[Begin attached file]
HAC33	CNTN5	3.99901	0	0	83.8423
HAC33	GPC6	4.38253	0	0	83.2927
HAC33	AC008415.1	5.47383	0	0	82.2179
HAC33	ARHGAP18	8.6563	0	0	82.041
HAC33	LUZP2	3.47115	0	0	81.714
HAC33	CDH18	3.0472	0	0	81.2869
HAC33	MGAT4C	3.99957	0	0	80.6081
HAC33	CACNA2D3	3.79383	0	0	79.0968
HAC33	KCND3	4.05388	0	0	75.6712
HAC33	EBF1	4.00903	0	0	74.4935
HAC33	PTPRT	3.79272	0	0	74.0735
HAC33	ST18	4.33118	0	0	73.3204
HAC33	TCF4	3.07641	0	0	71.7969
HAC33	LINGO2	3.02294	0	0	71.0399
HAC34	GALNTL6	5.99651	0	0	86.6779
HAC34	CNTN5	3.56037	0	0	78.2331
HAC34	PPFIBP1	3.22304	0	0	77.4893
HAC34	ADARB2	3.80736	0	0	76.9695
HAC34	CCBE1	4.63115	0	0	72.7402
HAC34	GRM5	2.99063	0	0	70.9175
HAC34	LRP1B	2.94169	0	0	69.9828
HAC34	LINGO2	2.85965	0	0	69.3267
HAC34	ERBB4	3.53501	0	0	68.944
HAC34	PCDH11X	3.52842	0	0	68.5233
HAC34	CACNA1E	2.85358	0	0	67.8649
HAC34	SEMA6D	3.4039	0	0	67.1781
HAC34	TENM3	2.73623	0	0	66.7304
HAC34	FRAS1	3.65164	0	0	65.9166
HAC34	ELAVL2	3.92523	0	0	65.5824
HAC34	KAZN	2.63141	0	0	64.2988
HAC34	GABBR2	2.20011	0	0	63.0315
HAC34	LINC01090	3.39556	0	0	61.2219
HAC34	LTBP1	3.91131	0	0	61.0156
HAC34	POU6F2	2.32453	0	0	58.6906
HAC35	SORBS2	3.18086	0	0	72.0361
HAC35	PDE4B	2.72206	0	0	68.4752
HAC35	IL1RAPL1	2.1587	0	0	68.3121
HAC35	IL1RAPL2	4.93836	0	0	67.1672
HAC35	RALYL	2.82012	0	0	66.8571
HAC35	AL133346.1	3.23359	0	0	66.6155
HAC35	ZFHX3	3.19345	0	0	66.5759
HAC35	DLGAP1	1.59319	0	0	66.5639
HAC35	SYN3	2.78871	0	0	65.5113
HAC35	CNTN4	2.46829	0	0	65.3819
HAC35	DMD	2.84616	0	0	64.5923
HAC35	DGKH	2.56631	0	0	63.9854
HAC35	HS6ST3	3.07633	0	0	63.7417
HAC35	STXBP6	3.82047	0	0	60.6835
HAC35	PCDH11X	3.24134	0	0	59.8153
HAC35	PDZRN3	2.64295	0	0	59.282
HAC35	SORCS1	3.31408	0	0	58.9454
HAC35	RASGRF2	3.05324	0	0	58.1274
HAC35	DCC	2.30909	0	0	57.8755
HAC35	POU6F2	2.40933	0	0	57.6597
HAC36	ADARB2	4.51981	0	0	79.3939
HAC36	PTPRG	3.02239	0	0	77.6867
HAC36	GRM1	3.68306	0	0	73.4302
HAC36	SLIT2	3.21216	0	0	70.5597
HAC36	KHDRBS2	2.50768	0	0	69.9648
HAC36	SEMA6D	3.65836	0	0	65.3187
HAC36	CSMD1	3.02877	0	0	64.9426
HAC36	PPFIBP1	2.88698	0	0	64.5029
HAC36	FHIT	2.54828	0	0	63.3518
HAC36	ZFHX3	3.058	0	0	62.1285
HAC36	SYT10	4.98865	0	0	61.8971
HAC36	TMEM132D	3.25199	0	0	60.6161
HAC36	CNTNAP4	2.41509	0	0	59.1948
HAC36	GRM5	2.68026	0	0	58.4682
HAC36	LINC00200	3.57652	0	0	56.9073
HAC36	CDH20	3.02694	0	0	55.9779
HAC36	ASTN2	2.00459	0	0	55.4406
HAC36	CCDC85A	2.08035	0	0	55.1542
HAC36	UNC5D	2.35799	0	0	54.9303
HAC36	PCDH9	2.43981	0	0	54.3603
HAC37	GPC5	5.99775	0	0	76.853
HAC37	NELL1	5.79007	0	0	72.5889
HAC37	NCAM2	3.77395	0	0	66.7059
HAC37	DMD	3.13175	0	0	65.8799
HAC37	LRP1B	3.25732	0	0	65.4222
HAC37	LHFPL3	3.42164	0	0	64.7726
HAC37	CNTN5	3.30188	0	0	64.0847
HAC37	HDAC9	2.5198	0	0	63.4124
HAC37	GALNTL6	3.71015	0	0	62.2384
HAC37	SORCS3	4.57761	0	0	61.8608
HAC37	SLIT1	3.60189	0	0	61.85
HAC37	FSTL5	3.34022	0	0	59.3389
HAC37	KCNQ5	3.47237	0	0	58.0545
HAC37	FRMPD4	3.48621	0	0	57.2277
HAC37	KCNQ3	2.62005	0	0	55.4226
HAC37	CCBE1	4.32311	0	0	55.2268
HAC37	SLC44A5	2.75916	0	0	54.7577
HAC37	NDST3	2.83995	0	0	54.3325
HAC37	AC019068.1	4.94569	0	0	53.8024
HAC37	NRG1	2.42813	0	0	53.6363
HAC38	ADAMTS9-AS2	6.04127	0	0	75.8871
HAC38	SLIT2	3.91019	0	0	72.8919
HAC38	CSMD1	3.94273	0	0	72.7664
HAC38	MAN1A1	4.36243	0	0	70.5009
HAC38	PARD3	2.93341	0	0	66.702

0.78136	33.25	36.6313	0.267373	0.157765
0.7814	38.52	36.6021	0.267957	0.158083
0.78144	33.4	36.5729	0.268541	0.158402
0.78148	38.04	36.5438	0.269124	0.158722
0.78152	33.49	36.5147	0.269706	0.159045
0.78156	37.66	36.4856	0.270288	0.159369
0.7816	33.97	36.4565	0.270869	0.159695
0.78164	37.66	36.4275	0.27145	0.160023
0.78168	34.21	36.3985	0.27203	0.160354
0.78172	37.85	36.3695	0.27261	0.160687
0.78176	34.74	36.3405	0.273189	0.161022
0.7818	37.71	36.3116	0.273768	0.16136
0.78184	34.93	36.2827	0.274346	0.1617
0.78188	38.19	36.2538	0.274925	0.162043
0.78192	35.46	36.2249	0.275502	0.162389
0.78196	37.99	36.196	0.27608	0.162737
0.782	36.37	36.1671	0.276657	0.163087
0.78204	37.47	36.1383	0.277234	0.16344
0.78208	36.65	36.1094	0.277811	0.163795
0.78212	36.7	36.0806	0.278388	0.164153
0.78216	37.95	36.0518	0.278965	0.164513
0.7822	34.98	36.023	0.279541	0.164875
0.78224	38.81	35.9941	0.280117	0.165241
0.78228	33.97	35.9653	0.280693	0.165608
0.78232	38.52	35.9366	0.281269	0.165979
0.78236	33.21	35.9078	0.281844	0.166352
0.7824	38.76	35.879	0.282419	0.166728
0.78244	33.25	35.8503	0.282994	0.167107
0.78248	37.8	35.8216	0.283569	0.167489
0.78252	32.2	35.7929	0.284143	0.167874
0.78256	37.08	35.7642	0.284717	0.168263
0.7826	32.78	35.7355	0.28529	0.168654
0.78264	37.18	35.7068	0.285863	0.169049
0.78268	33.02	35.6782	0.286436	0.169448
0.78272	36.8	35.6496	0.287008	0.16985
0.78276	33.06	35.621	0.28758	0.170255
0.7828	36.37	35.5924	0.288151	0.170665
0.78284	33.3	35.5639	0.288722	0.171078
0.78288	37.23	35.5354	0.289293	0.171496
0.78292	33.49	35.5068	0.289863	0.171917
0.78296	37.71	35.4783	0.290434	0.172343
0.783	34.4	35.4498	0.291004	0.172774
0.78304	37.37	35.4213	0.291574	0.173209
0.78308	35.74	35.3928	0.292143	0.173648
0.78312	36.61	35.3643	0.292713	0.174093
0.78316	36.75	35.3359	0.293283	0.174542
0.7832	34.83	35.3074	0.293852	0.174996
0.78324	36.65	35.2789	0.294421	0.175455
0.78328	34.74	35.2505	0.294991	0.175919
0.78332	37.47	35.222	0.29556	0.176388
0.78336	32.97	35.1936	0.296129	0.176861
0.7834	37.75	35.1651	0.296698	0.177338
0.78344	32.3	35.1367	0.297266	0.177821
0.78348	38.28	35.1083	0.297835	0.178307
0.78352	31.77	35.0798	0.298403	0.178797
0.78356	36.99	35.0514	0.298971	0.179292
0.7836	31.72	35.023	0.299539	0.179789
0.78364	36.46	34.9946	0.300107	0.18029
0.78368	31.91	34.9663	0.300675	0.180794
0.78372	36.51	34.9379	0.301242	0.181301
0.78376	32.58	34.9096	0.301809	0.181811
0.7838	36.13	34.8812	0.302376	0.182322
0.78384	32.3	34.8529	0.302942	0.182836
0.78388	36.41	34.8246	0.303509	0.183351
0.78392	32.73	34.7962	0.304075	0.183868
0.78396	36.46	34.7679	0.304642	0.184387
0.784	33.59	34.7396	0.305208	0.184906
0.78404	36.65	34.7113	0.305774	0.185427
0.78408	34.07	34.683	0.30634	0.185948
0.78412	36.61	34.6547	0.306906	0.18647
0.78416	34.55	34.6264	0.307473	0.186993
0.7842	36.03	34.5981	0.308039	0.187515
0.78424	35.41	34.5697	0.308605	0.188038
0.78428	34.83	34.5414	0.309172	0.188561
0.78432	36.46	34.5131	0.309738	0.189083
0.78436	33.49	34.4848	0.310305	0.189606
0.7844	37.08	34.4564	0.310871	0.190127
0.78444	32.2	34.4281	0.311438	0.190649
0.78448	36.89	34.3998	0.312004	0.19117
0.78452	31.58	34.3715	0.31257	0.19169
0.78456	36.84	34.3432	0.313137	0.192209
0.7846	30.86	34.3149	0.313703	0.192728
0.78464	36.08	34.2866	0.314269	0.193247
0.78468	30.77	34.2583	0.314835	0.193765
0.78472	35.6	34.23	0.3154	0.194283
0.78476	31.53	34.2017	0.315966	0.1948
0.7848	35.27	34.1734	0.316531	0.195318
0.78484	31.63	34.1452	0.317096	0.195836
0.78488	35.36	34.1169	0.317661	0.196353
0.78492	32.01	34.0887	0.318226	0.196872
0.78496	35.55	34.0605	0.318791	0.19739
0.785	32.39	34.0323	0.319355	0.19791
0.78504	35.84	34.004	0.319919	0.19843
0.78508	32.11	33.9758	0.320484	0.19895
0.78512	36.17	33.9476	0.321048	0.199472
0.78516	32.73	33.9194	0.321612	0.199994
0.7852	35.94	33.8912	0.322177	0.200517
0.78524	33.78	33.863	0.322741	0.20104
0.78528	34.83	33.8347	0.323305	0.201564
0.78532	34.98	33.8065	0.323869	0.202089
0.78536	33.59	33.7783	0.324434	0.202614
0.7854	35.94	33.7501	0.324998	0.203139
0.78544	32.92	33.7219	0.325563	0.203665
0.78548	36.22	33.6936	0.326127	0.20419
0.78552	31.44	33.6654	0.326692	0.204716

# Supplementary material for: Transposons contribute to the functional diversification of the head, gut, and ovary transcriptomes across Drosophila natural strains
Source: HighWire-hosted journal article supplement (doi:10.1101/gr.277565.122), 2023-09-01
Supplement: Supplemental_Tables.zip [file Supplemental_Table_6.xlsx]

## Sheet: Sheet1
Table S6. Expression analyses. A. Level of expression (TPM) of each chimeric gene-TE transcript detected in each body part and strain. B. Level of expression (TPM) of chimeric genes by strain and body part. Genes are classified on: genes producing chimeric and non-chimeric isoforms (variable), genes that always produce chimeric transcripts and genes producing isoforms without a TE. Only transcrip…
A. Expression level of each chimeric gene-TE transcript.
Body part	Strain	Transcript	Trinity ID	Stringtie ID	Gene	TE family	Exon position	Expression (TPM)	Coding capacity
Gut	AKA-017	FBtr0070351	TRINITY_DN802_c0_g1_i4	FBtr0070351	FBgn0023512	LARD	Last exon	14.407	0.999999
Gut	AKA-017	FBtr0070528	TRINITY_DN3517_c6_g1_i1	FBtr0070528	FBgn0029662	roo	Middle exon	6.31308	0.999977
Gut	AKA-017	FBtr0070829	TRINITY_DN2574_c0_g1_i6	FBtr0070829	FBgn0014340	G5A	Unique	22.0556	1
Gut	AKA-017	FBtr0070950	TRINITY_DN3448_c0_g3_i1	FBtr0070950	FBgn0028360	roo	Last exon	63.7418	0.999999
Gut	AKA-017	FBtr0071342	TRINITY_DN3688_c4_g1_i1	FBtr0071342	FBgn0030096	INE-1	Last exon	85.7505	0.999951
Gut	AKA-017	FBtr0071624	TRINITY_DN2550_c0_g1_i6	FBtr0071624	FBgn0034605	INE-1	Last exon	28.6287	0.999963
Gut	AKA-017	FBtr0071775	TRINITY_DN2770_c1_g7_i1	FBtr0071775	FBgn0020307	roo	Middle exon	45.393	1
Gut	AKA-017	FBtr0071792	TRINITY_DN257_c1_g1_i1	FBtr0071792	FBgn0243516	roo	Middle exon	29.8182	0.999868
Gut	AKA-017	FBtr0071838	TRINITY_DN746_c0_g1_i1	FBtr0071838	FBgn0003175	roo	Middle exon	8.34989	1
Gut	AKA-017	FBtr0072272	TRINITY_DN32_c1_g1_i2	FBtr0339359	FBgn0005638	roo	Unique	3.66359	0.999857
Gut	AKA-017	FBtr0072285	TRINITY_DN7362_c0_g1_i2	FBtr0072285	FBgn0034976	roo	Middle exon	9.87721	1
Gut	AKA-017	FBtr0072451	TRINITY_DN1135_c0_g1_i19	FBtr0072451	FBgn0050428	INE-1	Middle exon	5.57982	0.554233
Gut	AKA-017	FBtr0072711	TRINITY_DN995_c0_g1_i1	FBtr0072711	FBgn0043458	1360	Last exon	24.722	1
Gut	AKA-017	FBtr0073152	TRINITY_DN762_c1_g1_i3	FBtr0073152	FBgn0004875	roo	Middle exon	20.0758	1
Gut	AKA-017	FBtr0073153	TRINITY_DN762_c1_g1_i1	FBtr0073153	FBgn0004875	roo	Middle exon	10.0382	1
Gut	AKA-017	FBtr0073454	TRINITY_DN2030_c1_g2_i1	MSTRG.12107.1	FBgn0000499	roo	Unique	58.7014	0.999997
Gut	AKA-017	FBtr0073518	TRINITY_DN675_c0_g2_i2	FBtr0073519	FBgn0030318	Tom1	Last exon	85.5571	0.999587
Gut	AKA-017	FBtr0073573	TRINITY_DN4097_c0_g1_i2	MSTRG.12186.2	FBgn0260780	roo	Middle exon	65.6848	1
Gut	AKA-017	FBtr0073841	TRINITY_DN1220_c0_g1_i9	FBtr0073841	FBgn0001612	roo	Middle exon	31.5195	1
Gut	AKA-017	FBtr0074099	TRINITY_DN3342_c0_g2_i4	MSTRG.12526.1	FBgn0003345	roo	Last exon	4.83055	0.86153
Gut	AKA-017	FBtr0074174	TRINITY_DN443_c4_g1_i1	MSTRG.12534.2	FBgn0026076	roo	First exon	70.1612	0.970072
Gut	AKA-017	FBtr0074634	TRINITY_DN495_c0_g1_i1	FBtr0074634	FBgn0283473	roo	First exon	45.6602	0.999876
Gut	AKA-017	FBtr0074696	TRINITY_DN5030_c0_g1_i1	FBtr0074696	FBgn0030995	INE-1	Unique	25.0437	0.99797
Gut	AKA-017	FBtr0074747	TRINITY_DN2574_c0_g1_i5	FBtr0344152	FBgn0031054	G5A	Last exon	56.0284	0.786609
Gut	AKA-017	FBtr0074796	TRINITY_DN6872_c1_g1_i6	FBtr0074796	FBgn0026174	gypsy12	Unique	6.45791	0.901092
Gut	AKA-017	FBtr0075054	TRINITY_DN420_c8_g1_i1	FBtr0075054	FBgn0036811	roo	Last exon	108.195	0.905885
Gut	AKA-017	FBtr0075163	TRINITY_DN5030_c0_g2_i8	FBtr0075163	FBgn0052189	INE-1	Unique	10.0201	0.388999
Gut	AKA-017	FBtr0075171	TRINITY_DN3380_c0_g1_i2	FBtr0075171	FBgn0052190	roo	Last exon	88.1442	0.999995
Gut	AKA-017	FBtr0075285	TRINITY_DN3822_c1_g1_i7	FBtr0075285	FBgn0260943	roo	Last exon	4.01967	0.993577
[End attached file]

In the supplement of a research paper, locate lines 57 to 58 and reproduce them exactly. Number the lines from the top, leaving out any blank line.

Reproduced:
HAC36	GRM1	3.68306	0	0	73.4302
HAC36	SLIT2	3.21216	0	0	70.5597